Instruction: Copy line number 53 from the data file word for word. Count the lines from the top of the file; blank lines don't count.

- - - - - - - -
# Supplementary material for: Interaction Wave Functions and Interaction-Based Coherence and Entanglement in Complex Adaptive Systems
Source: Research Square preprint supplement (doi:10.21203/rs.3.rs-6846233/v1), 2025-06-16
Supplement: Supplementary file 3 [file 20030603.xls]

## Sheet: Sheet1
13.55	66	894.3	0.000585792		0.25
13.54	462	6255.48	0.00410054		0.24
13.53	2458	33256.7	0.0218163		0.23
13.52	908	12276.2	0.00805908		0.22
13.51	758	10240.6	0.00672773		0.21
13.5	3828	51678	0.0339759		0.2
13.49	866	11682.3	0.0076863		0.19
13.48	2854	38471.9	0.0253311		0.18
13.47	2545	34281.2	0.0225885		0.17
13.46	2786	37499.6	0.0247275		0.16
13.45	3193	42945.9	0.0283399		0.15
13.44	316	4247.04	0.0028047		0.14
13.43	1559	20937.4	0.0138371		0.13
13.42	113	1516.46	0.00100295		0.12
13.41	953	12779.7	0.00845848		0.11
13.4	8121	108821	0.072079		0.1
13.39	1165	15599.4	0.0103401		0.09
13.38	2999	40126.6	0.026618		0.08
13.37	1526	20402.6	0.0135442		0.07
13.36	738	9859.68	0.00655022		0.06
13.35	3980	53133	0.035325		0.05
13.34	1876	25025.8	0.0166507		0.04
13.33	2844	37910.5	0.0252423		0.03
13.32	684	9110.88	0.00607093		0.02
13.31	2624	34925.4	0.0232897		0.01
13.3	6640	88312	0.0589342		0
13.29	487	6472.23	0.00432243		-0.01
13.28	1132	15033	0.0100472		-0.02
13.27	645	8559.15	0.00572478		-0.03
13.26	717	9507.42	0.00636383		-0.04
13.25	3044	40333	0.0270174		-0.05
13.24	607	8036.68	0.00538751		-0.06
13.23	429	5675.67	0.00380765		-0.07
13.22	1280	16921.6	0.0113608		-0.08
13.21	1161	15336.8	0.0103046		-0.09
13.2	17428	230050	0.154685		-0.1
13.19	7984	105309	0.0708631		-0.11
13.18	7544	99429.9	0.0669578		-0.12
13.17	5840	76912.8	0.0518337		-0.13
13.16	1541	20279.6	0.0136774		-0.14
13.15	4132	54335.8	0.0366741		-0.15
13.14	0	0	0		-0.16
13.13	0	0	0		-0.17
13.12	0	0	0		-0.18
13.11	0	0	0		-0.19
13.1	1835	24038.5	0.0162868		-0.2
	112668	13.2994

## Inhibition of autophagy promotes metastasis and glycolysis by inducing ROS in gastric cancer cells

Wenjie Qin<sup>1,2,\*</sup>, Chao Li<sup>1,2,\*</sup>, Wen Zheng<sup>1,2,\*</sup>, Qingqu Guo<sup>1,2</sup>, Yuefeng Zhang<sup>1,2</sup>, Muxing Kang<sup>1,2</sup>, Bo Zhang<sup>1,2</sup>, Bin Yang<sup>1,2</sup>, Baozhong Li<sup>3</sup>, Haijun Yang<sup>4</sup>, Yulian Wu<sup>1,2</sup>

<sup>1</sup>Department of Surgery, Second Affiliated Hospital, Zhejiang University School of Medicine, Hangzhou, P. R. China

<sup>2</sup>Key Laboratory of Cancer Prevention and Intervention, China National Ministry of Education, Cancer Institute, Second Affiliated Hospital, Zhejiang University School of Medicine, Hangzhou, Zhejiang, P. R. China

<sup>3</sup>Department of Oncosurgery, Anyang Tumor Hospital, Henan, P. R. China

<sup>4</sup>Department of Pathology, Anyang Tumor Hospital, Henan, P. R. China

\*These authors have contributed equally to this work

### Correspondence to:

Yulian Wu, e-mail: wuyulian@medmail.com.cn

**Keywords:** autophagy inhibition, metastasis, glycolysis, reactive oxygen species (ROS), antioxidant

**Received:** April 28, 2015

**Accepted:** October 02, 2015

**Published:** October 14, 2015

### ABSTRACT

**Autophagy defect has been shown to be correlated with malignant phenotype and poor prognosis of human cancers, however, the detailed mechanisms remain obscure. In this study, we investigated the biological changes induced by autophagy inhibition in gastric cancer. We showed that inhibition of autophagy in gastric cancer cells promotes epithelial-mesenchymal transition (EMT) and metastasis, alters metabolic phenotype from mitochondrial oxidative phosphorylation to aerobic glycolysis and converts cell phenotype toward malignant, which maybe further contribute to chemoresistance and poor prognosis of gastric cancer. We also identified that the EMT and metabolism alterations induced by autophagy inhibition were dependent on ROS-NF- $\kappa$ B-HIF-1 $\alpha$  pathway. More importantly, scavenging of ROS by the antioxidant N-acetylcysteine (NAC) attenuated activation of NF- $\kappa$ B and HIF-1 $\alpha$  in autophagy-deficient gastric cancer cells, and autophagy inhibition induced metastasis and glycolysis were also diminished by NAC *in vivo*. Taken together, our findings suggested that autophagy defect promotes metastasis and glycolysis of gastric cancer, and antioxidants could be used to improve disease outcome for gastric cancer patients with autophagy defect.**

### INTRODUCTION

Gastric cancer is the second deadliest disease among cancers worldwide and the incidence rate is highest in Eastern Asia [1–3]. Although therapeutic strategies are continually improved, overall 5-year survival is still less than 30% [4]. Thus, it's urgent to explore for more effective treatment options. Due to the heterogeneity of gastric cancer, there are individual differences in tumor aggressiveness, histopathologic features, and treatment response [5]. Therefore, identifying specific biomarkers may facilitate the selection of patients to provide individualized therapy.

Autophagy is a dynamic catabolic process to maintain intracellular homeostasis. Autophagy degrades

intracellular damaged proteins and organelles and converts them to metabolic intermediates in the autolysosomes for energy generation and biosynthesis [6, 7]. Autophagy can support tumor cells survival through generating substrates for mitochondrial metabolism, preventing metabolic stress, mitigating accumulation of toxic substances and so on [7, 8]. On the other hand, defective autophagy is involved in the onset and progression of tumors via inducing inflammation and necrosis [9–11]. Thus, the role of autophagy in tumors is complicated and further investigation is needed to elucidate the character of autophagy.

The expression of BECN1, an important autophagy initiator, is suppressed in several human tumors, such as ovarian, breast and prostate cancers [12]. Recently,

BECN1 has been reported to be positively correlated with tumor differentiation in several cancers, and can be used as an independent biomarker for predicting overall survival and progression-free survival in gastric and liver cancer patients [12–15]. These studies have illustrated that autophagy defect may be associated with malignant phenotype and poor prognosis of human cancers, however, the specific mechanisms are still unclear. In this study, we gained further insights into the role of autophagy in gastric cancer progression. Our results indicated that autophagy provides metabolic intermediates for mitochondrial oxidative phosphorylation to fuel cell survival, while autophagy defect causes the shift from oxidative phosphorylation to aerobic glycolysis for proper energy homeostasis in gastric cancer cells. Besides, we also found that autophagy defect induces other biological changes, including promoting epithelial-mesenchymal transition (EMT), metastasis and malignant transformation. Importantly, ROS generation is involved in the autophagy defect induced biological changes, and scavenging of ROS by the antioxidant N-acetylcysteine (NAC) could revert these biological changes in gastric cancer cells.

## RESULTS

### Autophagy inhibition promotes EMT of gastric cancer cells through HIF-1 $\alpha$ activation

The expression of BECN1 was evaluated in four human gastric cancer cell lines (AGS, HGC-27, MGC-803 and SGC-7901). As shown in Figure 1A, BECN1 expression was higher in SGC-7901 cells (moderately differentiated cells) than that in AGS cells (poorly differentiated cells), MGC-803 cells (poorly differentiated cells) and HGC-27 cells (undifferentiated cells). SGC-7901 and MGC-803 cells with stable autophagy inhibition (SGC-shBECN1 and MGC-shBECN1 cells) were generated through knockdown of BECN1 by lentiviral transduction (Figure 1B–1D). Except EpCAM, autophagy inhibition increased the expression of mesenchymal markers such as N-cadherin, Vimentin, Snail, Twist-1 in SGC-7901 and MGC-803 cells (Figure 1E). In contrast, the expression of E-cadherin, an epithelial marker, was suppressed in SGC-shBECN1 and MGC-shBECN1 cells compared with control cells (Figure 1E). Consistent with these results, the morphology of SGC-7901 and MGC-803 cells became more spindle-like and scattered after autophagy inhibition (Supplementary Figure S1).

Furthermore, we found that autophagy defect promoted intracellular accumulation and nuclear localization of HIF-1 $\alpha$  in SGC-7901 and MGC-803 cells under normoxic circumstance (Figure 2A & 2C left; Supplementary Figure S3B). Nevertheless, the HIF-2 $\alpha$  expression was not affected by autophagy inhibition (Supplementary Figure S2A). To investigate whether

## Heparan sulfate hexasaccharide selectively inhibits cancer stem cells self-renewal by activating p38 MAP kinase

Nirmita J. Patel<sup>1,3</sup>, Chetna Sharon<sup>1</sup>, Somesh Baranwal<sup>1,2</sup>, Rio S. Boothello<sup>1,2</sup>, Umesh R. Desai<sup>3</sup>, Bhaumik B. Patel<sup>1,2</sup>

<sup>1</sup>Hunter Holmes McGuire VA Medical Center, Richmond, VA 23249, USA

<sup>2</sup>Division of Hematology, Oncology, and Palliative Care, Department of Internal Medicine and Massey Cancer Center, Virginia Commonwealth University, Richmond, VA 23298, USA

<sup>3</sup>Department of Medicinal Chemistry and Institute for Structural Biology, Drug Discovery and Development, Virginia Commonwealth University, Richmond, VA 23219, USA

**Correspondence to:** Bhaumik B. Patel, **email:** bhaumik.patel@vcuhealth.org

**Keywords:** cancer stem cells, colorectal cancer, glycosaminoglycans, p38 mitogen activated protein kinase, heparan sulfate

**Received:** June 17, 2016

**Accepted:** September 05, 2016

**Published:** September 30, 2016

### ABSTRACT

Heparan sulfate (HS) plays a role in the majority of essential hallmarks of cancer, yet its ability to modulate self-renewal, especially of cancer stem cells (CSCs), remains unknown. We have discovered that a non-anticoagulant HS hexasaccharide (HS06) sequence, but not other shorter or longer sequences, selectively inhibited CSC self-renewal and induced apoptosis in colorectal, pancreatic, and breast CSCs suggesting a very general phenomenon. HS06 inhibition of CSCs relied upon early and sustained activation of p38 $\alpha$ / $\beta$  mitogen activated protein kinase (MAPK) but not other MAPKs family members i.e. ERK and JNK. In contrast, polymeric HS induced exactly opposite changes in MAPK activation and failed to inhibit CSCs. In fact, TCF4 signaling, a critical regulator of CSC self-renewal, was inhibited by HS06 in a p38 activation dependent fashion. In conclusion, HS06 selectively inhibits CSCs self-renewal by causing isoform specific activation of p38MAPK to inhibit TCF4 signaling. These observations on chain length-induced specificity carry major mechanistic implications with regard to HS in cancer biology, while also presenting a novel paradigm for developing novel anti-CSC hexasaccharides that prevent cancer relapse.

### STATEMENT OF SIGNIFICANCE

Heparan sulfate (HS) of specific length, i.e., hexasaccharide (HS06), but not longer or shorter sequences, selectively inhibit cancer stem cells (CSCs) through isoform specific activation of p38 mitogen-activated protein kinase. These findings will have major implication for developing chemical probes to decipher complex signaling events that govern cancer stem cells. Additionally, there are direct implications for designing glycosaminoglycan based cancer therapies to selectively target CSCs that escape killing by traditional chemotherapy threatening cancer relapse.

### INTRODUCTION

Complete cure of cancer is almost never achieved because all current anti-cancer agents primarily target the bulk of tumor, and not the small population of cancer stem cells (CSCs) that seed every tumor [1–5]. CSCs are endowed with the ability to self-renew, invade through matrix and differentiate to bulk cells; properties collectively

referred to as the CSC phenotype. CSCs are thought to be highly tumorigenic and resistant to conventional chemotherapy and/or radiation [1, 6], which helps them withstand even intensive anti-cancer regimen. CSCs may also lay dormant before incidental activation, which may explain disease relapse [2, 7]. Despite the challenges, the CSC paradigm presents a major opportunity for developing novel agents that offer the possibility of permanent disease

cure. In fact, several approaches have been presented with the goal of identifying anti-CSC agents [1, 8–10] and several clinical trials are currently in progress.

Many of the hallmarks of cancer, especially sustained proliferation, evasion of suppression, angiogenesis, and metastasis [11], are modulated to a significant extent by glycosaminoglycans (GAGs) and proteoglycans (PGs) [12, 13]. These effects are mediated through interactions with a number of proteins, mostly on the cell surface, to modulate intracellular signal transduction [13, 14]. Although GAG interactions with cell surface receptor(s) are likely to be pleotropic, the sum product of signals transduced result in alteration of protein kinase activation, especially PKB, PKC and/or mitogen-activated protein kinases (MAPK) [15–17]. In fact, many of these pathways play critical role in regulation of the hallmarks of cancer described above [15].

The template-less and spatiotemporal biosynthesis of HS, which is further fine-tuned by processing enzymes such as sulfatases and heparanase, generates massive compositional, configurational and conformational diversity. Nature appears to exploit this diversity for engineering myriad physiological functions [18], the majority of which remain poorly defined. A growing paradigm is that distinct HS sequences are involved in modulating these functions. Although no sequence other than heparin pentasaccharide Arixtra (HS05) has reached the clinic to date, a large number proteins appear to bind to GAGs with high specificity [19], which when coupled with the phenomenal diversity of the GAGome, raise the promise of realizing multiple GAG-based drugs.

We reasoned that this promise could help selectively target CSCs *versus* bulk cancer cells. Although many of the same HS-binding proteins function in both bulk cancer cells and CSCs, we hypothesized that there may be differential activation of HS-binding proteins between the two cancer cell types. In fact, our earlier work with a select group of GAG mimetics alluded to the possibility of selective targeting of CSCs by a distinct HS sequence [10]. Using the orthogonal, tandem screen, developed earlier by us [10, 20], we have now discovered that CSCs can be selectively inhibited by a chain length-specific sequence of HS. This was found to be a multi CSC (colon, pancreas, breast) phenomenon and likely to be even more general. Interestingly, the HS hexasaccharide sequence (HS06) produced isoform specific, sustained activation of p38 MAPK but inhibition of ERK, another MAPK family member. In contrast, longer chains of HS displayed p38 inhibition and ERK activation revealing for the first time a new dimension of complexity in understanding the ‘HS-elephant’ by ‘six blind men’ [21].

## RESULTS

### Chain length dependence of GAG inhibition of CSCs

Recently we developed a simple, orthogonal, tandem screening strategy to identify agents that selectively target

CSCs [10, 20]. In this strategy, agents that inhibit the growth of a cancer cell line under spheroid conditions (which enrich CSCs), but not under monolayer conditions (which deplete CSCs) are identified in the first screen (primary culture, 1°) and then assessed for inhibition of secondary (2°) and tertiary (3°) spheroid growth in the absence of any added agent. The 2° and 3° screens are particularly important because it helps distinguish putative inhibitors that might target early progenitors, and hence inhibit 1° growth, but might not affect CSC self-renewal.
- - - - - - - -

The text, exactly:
Wenjie Qin<sup>1,2,\*</sup>, Chao Li<sup>1,2,\*</sup>, Wen Zheng<sup>1,2,\*</sup>, Qingqu Guo<sup>1,2</sup>, Yuefeng Zhang<sup>1,2</sup>, Muxing Kang<sup>1,2</sup>, Bo Zhang<sup>1,2</sup>, Bin Yang<sup>1,2</sup>, Baozhong Li<sup>3</sup>, Haijun Yang<sup>4</sup>, Yulian Wu<sup>1,2</sup>